Yesterday I happened to come across mention of WSGI, which is essentially a Python-specific replacement for CGI. I realized the overhead of CGI probably explained why my Python scripts were slower than PHP. So I wanted to give WSGI a spin and see if it could help.

Like PHP, WSGI is an Apache module that is not included in many pre-packaged versions. So first step is to install it.

On Debian/Ubuntu:

sudo apt-get install libapache2-mod-wsgi-py3

The install process should auto-activate the module.

cd /etc/apache2/mods-enabled/

ls -la wsgi*
lrwxrwxrwx 1 root root 27 Mar 23 22:13 wsgi.conf -> ../mods-available/wsgi.conf
lrwxrwxrwx 1 root root 27 Mar 23 22:13 wsgi.load -> ../mods-available/wsgi.load

On FreeBSD, the module does not get auto-activated and must be loaded via a config file:

sudo pkg install ap24-py37-mod_wsgi

# Create /usr/local/etc/apache24/Includes/wsgi.conf
# or similar, and add this line:
LoadModule wsgi_module libexec/apache24/mod_wsgi.so

Like CGI, the directory with the WSGI script will need special permissions. As a security best practice, it’s a good idea to have scripts located outside of any DocumentRoot, so the scripts can’t accidentally get served as plain files.

<Directory "/var/www/scripts">
  Require all granted
</Directory>

As for the WSGI script itself, it’s similar to AWS Lambda, using a pre-defined function. However, it returns an array or bytes rather than a dictionary. Here’s a simple one that will just spit out the host, path, and query string as JSON:

def application(environ, start_response):

    import json, traceback

    try:
        request = {
            'host': environ.get('HTTP_HOST', 'localhost'),
            'path': environ.get('REQUEST_URI', '/'),
            'query_string': {}
        }
        if '?' in request['path']:
            request['path'], query_string = environ.get('REQUEST_URI', '/').split('?')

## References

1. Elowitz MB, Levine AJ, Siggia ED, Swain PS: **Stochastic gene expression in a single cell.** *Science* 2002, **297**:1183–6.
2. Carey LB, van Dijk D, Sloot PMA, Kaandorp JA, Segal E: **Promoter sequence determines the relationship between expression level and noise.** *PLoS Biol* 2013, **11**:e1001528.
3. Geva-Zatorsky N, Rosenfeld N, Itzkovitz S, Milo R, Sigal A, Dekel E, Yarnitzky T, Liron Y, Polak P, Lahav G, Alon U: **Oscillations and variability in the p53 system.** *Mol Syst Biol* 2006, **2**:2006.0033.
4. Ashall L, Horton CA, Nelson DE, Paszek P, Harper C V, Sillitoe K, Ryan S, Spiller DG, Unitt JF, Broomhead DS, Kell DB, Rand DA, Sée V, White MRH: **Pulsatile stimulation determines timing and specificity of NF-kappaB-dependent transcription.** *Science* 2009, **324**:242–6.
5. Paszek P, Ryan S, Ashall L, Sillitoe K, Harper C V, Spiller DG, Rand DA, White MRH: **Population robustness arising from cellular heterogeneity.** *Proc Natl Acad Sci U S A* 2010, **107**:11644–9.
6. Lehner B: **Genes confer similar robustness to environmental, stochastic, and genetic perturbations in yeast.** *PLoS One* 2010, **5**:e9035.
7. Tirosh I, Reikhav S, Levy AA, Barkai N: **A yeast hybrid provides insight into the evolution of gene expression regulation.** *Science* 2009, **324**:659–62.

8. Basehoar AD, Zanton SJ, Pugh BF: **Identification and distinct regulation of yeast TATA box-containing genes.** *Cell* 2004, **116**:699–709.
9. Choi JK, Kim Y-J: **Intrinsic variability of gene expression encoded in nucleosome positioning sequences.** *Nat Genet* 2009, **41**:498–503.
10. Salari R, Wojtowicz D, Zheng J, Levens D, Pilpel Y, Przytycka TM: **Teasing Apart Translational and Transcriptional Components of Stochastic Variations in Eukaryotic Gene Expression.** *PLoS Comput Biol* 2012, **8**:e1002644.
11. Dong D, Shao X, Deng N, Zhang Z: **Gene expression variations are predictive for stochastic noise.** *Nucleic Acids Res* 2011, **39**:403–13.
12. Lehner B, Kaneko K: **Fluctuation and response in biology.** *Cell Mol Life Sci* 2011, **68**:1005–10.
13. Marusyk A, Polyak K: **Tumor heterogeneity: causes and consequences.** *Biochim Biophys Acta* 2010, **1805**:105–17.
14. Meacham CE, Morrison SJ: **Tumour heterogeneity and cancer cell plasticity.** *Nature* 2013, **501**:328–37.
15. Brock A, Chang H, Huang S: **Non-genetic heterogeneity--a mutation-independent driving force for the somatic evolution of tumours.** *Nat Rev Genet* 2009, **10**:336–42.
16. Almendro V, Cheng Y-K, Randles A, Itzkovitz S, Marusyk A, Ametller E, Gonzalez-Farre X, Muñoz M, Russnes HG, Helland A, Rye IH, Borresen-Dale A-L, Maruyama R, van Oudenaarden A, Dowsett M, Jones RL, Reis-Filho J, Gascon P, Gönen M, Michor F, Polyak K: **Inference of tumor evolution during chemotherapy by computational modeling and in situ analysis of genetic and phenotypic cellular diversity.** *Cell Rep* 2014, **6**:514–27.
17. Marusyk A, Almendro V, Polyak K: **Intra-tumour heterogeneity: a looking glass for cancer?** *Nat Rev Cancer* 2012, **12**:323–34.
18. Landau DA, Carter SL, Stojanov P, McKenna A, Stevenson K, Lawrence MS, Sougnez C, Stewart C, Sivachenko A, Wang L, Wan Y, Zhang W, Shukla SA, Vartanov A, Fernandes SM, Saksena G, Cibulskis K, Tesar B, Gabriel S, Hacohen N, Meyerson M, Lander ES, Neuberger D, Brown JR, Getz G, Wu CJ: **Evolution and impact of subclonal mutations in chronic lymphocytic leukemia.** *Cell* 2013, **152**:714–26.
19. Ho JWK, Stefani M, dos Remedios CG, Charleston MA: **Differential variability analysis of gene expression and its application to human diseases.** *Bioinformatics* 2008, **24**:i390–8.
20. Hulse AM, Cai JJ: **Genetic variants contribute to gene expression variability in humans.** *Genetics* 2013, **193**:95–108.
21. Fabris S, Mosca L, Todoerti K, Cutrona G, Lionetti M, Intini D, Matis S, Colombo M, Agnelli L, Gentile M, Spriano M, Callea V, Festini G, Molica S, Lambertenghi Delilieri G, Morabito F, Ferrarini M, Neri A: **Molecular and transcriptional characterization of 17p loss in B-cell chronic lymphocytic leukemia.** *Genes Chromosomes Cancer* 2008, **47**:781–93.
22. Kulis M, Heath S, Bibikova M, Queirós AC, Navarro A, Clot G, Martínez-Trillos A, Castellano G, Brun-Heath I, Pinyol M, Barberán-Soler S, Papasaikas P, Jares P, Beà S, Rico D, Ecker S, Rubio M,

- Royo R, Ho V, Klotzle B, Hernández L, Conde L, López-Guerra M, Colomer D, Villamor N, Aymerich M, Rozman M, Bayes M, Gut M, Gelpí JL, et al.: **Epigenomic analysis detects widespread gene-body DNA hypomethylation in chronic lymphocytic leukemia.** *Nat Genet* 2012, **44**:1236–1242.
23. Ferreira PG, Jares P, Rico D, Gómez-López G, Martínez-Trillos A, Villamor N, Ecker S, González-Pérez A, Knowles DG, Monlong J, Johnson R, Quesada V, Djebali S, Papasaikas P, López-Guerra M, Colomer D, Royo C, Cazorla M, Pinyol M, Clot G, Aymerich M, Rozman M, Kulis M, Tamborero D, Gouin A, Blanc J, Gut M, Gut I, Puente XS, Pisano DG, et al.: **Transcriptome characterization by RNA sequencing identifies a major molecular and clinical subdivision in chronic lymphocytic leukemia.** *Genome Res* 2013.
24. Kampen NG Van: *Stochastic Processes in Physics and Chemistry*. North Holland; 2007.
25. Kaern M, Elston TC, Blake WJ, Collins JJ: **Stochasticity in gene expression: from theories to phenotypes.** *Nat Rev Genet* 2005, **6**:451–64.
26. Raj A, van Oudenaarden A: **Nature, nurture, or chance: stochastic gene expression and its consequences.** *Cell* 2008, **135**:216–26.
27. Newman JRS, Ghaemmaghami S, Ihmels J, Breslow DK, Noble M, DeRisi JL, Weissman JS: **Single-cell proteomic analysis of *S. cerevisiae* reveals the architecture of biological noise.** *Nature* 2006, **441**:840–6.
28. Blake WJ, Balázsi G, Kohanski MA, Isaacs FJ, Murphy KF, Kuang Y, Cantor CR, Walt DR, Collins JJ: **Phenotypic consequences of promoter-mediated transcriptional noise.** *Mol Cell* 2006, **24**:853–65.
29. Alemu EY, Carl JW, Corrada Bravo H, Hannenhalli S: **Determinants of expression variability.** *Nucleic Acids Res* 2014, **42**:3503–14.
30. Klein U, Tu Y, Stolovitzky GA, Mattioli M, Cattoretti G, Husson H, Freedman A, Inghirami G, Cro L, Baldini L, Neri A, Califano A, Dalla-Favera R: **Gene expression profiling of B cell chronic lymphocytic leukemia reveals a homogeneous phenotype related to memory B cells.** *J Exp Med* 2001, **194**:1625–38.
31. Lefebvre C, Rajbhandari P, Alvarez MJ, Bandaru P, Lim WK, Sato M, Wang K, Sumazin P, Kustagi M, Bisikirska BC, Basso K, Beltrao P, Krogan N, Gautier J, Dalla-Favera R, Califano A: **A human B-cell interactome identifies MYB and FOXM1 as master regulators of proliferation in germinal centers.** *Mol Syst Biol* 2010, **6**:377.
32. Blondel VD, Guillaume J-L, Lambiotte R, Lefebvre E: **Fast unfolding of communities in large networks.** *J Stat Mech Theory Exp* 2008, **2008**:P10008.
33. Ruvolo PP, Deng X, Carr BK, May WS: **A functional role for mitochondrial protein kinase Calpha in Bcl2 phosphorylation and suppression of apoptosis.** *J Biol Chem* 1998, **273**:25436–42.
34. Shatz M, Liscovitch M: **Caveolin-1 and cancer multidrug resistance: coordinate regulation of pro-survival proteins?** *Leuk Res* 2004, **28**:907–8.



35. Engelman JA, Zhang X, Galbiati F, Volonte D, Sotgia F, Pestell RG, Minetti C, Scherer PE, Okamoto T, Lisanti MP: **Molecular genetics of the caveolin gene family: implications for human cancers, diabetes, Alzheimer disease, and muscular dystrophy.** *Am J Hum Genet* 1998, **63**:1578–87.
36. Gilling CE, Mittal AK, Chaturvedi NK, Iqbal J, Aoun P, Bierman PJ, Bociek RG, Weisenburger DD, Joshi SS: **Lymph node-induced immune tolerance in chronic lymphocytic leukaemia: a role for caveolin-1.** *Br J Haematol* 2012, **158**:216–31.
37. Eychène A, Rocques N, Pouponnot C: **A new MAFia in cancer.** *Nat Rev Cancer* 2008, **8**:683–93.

for _ in query_string.split('&'):
                [key, value] = _.split('=')
                request['query_string'][key] = value

        output = json.dumps(request, sort_keys=True, indent=2)
        response_headers = [
            ('Content-type', 'application/json'),
            ('Content-Length', str(len(output))),
            ('X-Backend-Server', 'Apache + mod_wsgi')
        ]
        start_response('200 OK', response_headers)
        return [ output.encode('utf-8') ]
            
    except:
        response_headers = [ ('Content-type', 'text/plain') ]
        start_response('500 Internal Server Error', response_headers)
        error = traceback.format_exc()
        return [ str(error).encode('utf-8') ]

The last step is route certain paths to WSGI script. This is done in the Apache VirtualHost configuration:

WSGIPythonPath /var/www/scripts

<VirtualHost *:80>
  ServerName python.mydomain.com
  ServerAdmin nobody@mydomain.com
  DocumentRoot /home/www/html
  Header set Access-Control-Allow-Origin: "*"
  Header set Access-Control-Allow-Methods: "*"
  Header set Access-Control-Allow-Headers: "Origin, X-Requested-With, Content-Type, Accept, Authorization"
  WSGIScriptAlias /myapp /var/www/scripts/myapp.wsgi
</VirtualHost>

Upon migrating a test URL from CGI to WSGI, the page load time dropped significantly:

The improvement is thanks to a 50-90% reduction in “wait” and “receive” times, via ThousandEyes:

I’d next want to look at more advanced Python Web Frameworks like Flask, Bottle, WheezyWeb and Tornado. Django is of course a popular option too, but I know from experience it won’t be the fastest. Flask isn’t the fastest either, but it is the framework for Google SAE which I plan to learn after mastering AWS Lambda.